Because digoxin did not reduce all-cause mortality, the DIG trial was used to illustrate the effects of therapy on event-free survival versus overall survival.

All of these trials had similar patient age ranges and follow-up times.

Ethics approval was obtained for each individual trial.

Statistical Analysis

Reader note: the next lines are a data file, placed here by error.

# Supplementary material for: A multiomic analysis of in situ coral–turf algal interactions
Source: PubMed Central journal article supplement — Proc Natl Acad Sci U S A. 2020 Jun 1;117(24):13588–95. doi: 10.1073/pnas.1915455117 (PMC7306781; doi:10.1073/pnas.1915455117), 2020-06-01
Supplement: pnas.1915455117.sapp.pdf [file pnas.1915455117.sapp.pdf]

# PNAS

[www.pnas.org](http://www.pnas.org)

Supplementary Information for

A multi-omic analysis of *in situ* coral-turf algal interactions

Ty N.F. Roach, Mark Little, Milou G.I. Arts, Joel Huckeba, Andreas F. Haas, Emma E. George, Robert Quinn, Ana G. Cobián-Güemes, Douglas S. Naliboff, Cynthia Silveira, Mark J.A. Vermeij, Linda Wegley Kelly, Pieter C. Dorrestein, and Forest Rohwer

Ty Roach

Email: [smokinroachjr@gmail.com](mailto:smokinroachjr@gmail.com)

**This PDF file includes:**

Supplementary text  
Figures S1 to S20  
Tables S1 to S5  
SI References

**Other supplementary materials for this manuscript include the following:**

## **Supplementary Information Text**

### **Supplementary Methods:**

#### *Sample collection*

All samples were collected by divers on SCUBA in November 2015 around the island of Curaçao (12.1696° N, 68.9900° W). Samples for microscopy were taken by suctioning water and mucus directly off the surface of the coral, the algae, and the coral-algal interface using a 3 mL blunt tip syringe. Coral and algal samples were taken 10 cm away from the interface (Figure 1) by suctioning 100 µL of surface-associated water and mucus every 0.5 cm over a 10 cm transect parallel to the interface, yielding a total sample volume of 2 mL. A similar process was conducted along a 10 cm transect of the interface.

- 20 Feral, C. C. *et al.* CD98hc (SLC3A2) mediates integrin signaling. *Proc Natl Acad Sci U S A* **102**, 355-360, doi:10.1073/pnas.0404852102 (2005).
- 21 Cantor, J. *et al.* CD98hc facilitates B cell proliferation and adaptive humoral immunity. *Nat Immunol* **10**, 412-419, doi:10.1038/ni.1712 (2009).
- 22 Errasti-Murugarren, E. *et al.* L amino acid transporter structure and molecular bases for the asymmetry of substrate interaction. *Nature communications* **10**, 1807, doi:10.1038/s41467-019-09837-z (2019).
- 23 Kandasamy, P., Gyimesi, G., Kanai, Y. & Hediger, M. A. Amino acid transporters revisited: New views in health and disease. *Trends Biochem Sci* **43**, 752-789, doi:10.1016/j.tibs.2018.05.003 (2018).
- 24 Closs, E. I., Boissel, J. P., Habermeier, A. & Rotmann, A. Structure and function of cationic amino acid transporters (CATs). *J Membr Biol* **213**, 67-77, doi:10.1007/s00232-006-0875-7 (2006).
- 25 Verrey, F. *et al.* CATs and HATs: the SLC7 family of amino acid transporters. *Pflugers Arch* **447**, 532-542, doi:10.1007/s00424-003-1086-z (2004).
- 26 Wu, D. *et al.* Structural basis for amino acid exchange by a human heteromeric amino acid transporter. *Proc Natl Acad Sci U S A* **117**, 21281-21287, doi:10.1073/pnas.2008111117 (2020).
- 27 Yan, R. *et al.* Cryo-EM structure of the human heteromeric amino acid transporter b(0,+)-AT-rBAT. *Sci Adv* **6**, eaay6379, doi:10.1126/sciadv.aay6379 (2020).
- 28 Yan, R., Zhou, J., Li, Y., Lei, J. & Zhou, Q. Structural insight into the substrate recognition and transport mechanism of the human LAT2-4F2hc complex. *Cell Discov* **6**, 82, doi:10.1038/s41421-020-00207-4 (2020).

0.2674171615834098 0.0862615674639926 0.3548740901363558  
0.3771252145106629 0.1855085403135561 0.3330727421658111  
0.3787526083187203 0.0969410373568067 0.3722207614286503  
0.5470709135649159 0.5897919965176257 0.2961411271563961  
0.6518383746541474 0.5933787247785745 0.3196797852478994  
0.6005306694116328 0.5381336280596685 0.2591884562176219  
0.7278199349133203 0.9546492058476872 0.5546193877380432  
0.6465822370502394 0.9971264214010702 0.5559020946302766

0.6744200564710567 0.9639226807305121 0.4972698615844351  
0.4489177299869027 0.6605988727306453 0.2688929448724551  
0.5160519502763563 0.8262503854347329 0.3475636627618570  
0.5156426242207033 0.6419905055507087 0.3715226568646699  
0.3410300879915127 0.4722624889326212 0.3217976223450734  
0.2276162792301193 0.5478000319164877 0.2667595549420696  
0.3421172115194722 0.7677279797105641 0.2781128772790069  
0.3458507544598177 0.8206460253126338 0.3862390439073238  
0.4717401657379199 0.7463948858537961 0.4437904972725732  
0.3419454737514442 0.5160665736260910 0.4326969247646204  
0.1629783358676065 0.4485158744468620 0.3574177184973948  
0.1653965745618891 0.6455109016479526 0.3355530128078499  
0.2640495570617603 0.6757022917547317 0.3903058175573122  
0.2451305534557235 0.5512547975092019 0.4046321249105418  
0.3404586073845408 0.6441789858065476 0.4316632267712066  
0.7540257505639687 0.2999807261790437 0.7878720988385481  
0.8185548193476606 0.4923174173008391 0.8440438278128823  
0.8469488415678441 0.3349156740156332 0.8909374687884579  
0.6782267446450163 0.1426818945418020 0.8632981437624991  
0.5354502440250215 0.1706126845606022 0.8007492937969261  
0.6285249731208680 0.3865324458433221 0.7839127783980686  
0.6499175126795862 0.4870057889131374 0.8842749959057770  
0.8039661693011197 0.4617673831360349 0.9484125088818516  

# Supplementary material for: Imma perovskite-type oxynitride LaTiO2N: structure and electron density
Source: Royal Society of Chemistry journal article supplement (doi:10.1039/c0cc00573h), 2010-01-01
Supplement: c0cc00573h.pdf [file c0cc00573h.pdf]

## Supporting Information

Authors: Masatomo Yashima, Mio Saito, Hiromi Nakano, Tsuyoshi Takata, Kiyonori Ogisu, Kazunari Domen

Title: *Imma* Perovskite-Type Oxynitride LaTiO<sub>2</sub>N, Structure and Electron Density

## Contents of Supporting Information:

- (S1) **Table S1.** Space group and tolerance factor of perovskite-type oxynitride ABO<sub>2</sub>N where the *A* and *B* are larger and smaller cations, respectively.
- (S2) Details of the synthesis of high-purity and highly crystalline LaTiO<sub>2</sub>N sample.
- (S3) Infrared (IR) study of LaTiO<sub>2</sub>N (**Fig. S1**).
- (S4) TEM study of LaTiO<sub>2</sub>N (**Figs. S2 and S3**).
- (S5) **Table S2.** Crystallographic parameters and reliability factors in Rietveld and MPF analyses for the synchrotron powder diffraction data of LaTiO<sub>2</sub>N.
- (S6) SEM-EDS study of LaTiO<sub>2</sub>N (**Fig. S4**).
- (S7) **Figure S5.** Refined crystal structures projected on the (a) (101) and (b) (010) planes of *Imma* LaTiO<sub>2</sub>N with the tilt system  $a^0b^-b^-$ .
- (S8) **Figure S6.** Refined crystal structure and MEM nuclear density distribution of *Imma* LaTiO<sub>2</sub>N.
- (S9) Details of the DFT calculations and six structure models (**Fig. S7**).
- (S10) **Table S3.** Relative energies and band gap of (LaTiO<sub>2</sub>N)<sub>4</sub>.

Cox proportional hazards models were used to estimate HRs and relative risk reductions. Event rates and the differences, with the respective 95% CIs were calculated using the quadratic approximation to the Poisson log-likelihood for the log-rate parameter. Event-free survival was computed using the Kaplan-Meier survivor function over the full data and compared using the log-rank test. The NNT to benefit was computed from the cause-specific cumulative incidence functions. The RSMT is a measure of average event-free survival from time 0 to a pre-specified time point.[6] We computed the RMST using the within-trial follow-up time and also used age instead of time (the age-specific event rates were then estimated). These estimations were obtained by multiplying the annual conditional survival probabilities of patients included in the studies, starting from a specific age, from projections of the expected duration of event-free survival (up to a pre-specified time horizon [tau]), and were non-parametrically estimated by calculation of the area under the Kaplan-Meier survival curve.[5,7] Subsequently, differences in the estimated duration of event-free survival for patients treated with active drug and treatment versus those in a placebo and/or control group were interpreted as mean years of life gained (or lost). In other words, for any given age, a survival curve was estimated that represented the survival probabilities over time for patients alive at that age and who receiving an active drug and/or treatment. A corresponding survival curve was then estimated using data from patients who were in the placebo and/or control group. From each survival curve, the average time spent before the event of interest was estimated by the area under the survival curve. Because patient age and treatment assignment were independent of one another due to randomization, the difference in the areas under the survival curve could be interpreted as the effect of treatment on time spent event free. The key statistical assumption required to obtain valid long-term survival projections based on short-term follow-up data was that a patient's risk for a given event depended on age and treatment but not on the duration of exposure to the treatment.[5,8] This meant that a 79-year-old patient who took sacubitril-valsartan since the age of 60 years (i.e., 19 years of treatment exposure) had the same assumed risk of dying by age 80 years as a 79-year-old patient who started taking sacubitril-valsartan at age 78 years (i.e., 1 year of treatment exposure). For consistency, we assessed the survival data over a maximum follow-up of 3 years and an age range from 60 to 80 years (tau = 20) in all trials. In the PARADIGM-HF trial, age projection estimates were also performed for the previously described subgroups described. The p values <0.05 were considered statistically significant. All analyses were conducted using Stata version 16 (StataCorp, College Station, Texas).